When policy hits the road: Safe System in Victoria's policy environment

Michael Green, Carlyn Muir, Jennifer Oxley, Amir Sobhani

Research output: Contribution to journalArticleResearchpeer-review

1 Citation (Scopus)

Abstract

The Safe System approach has globally become the dominant means to address road trauma, with bodies such as the Organisation for Economic Co-operation and Development, European Union, World Bank, World Health Organization, National and State Australian Governments and the United Nations encouraging its uptake. However, whilst there has been significant growth in its application, limited attention has been paid to the extent to which Safe System is integrated into public policy. Anecdotally, as an early adopter of the Safe System approach, Victoria's experience acts an instructive case for other jurisdictions applying the concept to policy. Using an interpretive qualitative case study approach, this study explored whether a) Safe System has influenced Victoria's road safety policy development to date, and b) if the extent to which Safe System has been integrated into public policy. Semi-structured interviews were conducted with Victoria's strategic, government-based, road safety decision-makers. Interviews were structured around the World Health Organization's Policy Development Process framework. The results indicate that Safe System has an implicit role in Victoria's road safety policy. When viewed through the lens of a policy integration framework, the analysis found only partial integration of the Safe System concept within road safety policy in Victoria, with limited flow-on effects of the framework on the policy frame, subsystems, goals and instruments. Governance frameworks, management structures and policy objectives are all influenced by Safe System, with the road safety problem having clearly been established as a cross-cutting issue. However, additional refinement of policy instruments to articulate the role of Safe System as well actively employing the approach in the policy development process is required. These findings confirm that while Victoria's use of Safe System is noteworthy, it may be beneficial for the framework to feature more prominently in policy for it to have the intended effect on road safety.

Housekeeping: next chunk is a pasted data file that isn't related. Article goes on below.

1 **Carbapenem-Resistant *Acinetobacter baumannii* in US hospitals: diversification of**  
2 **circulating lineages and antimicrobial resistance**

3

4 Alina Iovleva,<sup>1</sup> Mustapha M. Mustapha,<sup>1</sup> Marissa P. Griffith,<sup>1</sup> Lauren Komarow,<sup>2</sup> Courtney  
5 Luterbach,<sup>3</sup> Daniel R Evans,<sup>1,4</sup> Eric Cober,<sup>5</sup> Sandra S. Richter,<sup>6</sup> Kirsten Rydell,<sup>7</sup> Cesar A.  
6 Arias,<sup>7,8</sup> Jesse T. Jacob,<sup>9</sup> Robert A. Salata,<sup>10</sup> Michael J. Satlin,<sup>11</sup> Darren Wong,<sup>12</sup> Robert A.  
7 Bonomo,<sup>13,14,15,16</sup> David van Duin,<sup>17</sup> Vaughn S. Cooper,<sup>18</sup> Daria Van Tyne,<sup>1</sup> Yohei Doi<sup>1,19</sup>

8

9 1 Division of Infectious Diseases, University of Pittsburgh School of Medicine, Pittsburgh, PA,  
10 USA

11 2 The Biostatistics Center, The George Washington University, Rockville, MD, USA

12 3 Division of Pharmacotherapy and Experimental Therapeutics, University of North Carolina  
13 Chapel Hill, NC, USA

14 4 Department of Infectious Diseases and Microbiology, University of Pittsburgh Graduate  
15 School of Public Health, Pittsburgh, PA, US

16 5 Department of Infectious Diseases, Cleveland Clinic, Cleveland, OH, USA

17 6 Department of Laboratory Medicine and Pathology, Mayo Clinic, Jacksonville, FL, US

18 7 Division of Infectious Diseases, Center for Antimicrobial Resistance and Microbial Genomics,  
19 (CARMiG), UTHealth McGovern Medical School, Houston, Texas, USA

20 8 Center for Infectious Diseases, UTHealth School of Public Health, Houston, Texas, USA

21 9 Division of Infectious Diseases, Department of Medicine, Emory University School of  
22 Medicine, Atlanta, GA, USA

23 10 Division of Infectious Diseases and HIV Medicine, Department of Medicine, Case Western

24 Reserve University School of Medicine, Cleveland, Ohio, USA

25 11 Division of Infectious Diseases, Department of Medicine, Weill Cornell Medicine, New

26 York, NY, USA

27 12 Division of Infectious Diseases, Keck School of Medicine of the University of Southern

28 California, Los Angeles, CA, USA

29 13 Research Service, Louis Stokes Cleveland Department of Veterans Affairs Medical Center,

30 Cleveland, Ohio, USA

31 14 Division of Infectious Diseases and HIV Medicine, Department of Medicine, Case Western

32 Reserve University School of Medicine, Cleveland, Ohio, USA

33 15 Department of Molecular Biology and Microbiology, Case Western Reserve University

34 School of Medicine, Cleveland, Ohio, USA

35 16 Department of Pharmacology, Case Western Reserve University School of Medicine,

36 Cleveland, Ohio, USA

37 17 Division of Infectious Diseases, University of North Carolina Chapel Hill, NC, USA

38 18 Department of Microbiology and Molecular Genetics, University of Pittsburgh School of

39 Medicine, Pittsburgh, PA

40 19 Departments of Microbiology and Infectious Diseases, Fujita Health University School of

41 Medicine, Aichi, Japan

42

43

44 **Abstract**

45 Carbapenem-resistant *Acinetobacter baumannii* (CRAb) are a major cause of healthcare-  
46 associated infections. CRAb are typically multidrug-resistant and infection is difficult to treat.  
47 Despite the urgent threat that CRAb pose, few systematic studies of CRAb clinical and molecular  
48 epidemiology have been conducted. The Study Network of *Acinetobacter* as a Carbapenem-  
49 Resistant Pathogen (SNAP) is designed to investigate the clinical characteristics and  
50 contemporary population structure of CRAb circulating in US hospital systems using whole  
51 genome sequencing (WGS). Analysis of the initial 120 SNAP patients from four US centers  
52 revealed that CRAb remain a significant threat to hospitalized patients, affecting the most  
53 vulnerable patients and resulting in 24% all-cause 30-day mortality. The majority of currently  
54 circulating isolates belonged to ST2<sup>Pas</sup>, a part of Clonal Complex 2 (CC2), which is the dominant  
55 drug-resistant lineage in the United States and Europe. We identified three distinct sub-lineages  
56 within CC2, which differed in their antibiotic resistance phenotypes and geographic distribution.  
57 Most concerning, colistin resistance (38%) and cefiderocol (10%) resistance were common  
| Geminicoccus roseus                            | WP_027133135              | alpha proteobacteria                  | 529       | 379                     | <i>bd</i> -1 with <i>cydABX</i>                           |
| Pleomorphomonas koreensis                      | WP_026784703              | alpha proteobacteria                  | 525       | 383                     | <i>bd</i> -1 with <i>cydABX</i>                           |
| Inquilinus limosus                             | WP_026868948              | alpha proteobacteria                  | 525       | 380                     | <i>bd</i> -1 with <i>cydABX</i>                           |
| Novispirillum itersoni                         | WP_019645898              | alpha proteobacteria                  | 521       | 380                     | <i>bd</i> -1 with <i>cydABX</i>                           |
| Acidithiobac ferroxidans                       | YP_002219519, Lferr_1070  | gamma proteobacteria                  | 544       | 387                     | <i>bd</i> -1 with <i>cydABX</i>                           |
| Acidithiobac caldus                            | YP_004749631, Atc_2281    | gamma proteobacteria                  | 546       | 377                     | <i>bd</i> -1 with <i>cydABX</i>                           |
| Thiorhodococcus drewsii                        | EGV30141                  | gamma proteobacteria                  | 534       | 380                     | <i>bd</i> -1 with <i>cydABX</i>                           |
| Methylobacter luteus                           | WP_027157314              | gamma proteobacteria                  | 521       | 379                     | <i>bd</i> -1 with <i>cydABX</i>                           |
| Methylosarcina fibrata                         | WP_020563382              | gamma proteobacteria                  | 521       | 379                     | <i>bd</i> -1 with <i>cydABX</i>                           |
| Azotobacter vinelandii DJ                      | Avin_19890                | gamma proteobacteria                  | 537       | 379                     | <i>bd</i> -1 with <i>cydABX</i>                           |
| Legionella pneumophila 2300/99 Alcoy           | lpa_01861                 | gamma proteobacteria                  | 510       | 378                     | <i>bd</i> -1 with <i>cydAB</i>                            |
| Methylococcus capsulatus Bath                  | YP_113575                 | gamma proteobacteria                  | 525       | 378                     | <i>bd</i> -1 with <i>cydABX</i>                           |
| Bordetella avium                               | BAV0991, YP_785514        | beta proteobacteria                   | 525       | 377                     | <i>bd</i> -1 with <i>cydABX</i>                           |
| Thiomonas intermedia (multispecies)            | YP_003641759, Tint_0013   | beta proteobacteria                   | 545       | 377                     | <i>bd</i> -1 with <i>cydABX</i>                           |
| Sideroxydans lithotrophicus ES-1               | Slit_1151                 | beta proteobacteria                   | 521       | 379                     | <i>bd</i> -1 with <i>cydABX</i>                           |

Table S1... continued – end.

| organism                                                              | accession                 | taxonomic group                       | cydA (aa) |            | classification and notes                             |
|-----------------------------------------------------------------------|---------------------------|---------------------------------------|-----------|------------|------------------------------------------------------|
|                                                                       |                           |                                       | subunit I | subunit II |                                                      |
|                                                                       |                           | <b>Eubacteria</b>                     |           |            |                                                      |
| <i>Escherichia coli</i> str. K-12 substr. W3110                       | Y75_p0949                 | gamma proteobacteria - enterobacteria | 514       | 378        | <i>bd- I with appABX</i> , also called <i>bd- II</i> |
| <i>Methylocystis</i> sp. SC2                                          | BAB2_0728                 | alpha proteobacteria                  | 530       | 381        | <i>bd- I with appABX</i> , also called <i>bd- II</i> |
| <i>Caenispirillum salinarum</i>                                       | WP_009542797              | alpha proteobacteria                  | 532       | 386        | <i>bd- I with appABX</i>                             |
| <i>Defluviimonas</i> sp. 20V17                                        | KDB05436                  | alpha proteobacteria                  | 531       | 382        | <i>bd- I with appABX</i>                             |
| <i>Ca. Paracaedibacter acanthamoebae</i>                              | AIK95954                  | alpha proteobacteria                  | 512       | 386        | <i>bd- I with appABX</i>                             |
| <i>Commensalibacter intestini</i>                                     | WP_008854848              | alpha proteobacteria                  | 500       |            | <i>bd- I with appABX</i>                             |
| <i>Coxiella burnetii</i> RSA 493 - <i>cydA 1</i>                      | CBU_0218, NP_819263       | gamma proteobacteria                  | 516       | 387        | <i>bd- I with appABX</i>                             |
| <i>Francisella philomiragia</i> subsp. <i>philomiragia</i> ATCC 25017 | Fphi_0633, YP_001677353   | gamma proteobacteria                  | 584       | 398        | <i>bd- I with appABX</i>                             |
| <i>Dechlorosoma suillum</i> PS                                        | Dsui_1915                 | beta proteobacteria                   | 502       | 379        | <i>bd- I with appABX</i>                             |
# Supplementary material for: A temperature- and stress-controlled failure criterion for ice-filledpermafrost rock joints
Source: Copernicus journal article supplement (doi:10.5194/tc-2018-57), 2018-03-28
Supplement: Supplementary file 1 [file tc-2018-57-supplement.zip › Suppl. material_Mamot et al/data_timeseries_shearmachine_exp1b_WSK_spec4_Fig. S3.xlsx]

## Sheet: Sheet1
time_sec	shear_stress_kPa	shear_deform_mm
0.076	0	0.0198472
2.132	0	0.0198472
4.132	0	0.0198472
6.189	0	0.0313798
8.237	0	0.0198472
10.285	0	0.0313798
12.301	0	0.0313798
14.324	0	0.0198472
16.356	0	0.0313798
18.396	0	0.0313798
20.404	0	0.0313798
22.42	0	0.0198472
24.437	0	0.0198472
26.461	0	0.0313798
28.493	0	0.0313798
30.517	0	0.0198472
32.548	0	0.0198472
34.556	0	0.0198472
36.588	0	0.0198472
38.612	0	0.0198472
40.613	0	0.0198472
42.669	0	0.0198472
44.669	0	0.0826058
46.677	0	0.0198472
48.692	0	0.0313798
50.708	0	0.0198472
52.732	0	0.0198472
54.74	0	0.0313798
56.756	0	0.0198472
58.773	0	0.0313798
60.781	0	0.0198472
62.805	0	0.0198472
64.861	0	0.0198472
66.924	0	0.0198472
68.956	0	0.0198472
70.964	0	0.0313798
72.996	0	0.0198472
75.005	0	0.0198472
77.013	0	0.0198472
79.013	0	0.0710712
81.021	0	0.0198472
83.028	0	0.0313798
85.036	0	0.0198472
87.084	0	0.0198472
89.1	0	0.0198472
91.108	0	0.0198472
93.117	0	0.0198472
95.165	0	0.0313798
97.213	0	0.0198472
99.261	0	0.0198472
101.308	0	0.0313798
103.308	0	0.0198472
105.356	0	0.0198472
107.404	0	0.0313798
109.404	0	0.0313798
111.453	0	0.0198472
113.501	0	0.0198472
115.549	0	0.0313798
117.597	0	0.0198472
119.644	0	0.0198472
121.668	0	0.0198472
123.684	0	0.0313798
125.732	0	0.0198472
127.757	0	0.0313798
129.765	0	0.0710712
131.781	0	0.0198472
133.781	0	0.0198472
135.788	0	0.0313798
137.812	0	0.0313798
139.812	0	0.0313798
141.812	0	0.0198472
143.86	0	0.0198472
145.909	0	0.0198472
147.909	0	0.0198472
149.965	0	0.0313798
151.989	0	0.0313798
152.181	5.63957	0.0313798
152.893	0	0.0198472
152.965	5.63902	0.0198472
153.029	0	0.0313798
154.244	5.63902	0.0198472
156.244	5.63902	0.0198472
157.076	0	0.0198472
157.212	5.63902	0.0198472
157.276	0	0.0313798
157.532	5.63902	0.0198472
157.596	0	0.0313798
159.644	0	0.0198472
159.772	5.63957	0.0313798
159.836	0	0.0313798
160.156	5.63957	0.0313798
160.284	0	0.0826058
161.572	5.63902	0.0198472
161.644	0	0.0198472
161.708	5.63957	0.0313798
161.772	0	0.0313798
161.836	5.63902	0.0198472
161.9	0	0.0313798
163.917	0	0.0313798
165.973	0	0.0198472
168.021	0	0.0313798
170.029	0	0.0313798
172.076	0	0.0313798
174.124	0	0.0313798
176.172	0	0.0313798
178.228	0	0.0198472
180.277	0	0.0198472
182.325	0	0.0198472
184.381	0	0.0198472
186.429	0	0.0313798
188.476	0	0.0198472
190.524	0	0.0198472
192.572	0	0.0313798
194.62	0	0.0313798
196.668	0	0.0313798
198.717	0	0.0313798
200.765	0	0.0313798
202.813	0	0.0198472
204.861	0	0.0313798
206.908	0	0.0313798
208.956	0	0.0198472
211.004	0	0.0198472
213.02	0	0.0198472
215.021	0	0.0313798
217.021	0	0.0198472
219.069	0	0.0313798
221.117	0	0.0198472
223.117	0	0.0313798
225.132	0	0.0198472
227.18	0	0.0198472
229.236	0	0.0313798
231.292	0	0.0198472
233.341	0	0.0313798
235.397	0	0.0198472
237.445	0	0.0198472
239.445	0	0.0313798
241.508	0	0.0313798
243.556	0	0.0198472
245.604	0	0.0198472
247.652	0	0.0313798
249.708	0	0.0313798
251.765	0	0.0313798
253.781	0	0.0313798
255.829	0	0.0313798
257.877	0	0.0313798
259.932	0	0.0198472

Original languageEnglish
Article number107129
Number of pages13
JournalAccident Analysis and Prevention
Volume189
DOIs
Publication statusPublished - Sept 2023

Keywords

  • Policy integration
  • Public policy
  • Road safety
  • Safe System
  • Victoria

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